If ‘food is good for your mood’, could a new study showing some nutrients are beneficial in the management of a range of mental health disorders be the recipe for success?
In addition to the established relationship between poor diet and mental illness, there is also a vast body of research examining the benefit of nutrient supplementation in people with mental disorders.
After their analysis of that research led to the world’s largest review of top tier evidence1, an international team of scientists, led by Western Sydney University’s NICM Health Research Institute, have been able to provide a clear overview of the benefit of specific nutrient supplements, including dosage, target symptoms, and safety and tolerability across different mental disorders. Their findings were published this week in World Psychiatry.
Although the majority of nutritional supplements assessed did not significantly improve mental health, the researchers found strong evidence that certain supplements are an effective additional treatment for some mental disorders, supportive of conventional treatment.
- The strongest evidence was found for omega-3 supplements as an add-on treatment for major depression, reducing symptoms of depression beyond the effects of antidepressants alone. There was some evidence to suggest that omega-3 supplements may also have small benefits for ADHD.
- There was emerging evidence for the amino acid N-acetylcysteine as a useful adjunctive treatment in mood disorders and schizophrenia.
- Special types of folate supplements may be effective as add-on treatments for major depression and schizophrenia, however folic acid was ineffective.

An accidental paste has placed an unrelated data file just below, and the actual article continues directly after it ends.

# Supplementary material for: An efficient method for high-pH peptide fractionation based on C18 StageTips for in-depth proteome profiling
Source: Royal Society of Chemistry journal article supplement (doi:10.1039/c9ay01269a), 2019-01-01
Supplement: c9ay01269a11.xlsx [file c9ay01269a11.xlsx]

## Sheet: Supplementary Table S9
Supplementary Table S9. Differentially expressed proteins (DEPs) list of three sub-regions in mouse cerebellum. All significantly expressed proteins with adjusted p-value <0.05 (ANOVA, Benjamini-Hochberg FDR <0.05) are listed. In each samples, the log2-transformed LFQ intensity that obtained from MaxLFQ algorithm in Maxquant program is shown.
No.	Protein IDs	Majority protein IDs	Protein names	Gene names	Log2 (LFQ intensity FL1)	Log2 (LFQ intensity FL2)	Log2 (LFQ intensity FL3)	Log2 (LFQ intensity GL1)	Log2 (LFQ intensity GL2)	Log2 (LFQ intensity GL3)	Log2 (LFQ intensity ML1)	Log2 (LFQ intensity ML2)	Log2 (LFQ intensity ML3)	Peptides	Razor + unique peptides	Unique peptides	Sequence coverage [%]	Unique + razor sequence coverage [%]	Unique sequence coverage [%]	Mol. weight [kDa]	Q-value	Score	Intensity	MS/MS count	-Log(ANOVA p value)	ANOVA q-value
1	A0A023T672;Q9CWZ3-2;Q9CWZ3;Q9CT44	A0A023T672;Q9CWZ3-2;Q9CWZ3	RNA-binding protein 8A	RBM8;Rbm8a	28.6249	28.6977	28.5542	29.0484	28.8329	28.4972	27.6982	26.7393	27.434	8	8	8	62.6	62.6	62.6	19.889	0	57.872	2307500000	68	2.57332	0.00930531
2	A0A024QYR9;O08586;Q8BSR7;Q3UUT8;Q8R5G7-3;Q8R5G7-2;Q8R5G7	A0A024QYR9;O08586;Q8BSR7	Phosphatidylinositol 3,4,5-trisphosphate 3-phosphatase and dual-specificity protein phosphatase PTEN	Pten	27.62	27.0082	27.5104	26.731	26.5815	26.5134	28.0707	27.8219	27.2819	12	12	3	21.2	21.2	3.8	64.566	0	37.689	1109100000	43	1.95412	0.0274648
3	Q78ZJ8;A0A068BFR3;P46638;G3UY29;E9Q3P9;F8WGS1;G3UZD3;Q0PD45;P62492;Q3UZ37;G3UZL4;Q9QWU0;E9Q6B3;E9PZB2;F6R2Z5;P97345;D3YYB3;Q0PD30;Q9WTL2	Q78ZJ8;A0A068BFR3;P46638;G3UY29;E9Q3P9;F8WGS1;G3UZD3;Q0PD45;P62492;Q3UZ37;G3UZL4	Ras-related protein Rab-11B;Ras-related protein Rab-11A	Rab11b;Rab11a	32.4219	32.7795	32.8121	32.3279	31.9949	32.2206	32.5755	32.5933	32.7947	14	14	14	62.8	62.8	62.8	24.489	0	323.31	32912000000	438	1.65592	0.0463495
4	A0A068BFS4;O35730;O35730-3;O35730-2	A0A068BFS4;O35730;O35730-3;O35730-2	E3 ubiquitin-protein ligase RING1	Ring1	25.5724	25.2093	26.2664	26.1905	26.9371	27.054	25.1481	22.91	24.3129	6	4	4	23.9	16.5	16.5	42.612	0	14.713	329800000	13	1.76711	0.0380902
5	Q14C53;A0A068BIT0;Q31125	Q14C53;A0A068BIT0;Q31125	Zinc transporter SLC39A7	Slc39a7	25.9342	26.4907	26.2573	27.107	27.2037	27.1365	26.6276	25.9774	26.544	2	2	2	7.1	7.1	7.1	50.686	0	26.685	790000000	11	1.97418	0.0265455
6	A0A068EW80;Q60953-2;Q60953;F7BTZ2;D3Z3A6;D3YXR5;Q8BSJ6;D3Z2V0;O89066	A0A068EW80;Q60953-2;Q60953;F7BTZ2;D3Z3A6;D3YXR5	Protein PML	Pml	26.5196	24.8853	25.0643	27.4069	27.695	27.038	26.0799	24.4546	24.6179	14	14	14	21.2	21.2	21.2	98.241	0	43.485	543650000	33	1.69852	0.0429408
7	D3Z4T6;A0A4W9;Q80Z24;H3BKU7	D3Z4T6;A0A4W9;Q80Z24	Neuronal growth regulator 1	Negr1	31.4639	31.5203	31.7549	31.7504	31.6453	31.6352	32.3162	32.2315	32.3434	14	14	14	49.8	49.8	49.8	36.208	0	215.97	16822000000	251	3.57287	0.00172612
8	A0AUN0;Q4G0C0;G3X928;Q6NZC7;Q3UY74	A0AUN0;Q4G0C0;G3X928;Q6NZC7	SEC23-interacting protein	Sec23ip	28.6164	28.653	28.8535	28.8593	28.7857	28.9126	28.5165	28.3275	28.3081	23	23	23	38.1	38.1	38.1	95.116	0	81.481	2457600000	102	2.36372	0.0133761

- There was no strong evidence for omega-3 for schizophrenia or other mental health conditions.
- There is currently a lack of compelling evidence supporting the use of vitamins (such as E, C, or D) and minerals (zinc and magnesium) for any mental disorder.
Lead author of the study, Senior Research Fellow at NICM Health Research Institute, Joseph Firth, said the findings should be used to produce more evidence-based guidance on the usage of nutrient-based treatments for various mental health conditions.
“While there has been a longstanding interest in the use of nutrient supplements in the treatment of mental illness, the topic is often quite polarising, and surrounded by either over-hyped claims or undue cynicism,” he said.
“In this most recent research, we have brought together the data from dozens and dozens of clinical trials conducted all over the world, in over 10,000 individuals treated for mental illness.
“This mass of data has allowed us to investigate the benefits and safety of various different nutrients for mental health conditions on a larger scale than what has ever been possible before.”